Real loser in Iran nuclear deal row

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The blow dealt by the US to the nuclear deal will ultimately end up exposing and isolating not Iran but America itself

The recent withdrawal of the US from the Iran nuclear deal of 2015 comes amidst a series of executive actions that will hasten the uprooting of the present international order based on US hegemony since the last few decades. The upshot is that Asia is increasingly integrating itself and turning inwards, while Europe is gravitating towards Asia for partnership and support, particularly towards China. It is increasingly becoming costly to have economic relations or interdependence with the US — and countries are now looking for alternatives to the US. This has become crystal clear in the aftermath of the dismantling of the Iran deal.

The deal was one of convenience and aimed at ensuring a safety buffer. It had no conditions related to other aspects, such as Iranian political activities in West Asia or its ballistic missile programme, even though US's differences with Iran have always run deep. Even though Iran was complying, Trump now wants a ‘giant' negotiation that would enable US to curb all aspects of Iran that irks the former. The absurd demands released by US are both unrealistic and clearly aimed at bringing Iran to its knees and ensuring regime change in the country.

There is no reason for Iran or Europe to heed to the US. The only thing that is raising trepidation in Europe is not the US walkout from the deal, but its imposition of secondary sanctions on any entities that do business with Iran. And for Russia — itself hit with severe US sanctions in the wake of the Crimea crisis — and China, these considerations would matter less than for Europe and the UK, whose dependence on the US has been historical, but is now increasingly becoming a costly liability. Iran itself, would not be crippled by the US sanctions, even though it will take a temporary hit. There are many reasons for Iran being favourably placed because of its relations with countries that have little to do with the US, its parallel political economy and Shiite military power centres that have always ruled the country and its economy, and, its rising clout in West Asia. Iran is presently going from strength to strength in West Asia. Shiite Hezbollah — termed by the US as a terrorist group — gained immense popularity in the recently concluded elections in Lebanon, while elections in Iraq are seeing an unprecedented contest between five factions, all of which belong to the Shia sect and owe allegiance to Iran.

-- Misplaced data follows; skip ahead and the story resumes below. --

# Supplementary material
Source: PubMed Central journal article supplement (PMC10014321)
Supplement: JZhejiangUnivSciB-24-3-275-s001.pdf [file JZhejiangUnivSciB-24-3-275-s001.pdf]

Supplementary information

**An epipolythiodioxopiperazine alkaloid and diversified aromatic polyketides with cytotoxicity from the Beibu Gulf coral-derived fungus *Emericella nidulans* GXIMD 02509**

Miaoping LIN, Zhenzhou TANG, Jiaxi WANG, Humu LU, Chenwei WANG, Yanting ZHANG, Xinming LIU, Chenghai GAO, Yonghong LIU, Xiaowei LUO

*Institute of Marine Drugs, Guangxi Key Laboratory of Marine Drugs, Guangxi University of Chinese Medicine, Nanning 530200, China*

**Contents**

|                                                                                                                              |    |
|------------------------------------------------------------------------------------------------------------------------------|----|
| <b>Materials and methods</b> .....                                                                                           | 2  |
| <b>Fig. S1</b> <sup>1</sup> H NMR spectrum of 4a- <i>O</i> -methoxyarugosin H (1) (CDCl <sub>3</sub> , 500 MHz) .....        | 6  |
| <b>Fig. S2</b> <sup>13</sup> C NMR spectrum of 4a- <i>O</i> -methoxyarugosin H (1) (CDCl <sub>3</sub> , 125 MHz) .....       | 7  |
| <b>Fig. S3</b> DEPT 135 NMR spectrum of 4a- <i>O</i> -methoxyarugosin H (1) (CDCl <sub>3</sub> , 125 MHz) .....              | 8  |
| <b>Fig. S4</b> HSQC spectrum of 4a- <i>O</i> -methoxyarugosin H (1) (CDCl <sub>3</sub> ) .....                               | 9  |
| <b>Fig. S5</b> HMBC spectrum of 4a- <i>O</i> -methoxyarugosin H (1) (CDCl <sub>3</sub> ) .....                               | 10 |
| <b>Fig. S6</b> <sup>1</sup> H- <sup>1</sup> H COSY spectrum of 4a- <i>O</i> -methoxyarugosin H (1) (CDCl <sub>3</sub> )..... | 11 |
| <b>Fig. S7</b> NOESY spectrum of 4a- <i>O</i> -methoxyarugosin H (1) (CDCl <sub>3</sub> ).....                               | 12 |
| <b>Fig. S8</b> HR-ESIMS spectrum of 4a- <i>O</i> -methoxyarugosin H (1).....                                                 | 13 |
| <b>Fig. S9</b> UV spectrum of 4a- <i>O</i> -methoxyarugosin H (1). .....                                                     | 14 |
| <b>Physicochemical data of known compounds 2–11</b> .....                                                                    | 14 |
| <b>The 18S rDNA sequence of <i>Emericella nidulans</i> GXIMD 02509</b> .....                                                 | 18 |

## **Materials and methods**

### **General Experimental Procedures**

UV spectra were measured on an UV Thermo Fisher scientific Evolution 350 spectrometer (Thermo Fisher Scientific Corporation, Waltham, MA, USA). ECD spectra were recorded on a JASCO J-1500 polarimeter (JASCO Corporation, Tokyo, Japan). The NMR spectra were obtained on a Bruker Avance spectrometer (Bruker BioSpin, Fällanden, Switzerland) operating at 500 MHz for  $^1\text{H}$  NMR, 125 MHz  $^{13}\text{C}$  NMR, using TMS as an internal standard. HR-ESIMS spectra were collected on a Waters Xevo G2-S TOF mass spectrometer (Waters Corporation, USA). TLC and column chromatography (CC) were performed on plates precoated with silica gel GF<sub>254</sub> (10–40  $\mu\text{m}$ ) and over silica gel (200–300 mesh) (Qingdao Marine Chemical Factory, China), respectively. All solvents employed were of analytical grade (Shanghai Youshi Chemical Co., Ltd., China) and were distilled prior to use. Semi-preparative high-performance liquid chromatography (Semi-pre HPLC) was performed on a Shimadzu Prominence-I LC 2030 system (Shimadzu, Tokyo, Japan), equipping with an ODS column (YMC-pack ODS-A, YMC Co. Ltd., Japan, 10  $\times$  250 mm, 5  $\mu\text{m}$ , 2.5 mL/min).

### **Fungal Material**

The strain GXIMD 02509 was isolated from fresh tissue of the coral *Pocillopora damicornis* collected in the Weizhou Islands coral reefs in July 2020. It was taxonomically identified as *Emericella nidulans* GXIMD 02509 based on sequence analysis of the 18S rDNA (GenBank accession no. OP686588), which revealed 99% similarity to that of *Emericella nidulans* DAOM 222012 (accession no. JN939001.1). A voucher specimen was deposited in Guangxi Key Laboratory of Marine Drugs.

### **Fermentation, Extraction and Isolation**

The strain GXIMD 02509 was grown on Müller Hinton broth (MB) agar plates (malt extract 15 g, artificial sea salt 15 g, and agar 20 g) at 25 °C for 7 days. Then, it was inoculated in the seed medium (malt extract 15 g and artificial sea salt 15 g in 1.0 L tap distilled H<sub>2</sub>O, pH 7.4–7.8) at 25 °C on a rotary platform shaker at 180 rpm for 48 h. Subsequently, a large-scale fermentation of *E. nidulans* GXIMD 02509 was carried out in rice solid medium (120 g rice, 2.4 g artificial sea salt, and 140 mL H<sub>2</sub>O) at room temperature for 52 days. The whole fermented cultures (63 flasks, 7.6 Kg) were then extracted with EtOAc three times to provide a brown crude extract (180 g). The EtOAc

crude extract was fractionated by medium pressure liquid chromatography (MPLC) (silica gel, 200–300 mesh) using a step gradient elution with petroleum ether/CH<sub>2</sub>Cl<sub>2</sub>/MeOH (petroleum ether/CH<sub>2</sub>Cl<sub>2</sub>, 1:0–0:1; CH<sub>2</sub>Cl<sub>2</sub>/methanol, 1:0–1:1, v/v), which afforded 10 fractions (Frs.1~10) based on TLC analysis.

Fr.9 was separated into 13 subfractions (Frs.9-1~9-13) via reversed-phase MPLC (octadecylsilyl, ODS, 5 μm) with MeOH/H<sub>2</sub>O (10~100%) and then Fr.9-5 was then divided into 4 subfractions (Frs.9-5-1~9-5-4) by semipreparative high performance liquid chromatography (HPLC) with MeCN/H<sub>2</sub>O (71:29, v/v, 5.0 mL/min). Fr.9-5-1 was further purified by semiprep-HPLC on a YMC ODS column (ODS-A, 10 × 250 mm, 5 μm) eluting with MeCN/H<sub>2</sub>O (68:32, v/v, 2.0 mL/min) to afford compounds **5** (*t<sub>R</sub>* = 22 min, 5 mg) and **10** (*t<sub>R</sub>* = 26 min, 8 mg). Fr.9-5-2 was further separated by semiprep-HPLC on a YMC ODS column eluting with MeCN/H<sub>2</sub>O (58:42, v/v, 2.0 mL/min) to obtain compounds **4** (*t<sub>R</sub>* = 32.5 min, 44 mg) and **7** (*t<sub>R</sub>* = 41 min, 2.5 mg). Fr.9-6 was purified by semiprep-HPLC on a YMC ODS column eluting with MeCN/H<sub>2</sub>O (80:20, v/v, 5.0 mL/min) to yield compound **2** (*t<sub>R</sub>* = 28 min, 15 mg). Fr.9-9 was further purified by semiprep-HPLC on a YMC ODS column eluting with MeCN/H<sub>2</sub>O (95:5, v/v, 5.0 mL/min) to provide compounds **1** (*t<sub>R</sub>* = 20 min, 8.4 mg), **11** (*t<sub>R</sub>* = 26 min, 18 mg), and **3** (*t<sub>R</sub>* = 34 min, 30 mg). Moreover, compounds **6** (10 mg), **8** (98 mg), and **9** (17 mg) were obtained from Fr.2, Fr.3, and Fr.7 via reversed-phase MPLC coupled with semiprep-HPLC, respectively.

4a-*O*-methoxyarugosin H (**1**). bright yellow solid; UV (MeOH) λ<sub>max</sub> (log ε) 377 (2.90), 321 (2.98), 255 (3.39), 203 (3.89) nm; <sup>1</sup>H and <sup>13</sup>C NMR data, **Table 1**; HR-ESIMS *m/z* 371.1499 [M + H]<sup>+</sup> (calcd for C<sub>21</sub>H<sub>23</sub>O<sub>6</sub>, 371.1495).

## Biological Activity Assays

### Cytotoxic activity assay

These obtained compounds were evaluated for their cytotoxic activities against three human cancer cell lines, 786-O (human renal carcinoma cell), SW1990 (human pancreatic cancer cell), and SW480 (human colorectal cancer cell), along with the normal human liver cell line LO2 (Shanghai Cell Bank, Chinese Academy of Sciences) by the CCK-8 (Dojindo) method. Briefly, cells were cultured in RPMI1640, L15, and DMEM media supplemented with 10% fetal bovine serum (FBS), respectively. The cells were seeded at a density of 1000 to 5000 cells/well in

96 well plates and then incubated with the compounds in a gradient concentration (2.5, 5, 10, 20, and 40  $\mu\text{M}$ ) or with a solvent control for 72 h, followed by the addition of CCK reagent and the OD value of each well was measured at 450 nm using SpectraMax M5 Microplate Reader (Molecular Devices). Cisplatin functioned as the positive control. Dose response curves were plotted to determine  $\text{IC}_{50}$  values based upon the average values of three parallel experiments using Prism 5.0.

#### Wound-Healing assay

Besides this, Iran is already funding the Houthi rebels in Yemen to keep off Saudi Arabia. In Syria, it spent a major part of its money in propping up the Assad regime with the help of Russia and Turkey and in contravention of the US, Saudi Arabia and France. In the recent past, the legendary Iranian Revolutionary Guards and its overseas Quds forces fought to curb the rise of ISIS and rebel factions that were being funded by Western powers to ensure regime change in Syria. All in all, it is not difficult to understand why Iran's invincibility threatens everyone, especially the US allies in the region. In the present conflict in West Asia, it is rich for Saudi Arabia and its western allies to term Iran as a terrorist state. Historically, Saudi Arabia has funded — and continues to do so — Sunni Islamic extremism all over the world. Yet, the West labels Iran extremist. What frustrates Iran's enemies is its resilience and persistence. In international politics, Iran plays for long-term stakes and mostly succeeds.

Under present conditions, the sanctions are not likely to hit Iran that badly. Iran's largest trading partners are the sworn enemies of the US — Russia and China. Ever since the limited sanctions relief was provided after the 2015 deal, Europe has been fumbling for ways to explore Iran. But two years is too short a time to say that Iran was getting effective investments from the West. In fact, even after the lifting of the sanctions, many western banks did not initiate business with Iran due to US's wariness, while other major European and US companies had only initiated contracts to be operationalised. This however, simply means that the process of modernisation of infrastructure that Iran could have started will now be put on hold, if at all, since Iran has always had non-Western backups. If anything, the collapse of the deal will make US and European Union (EU) the real losers.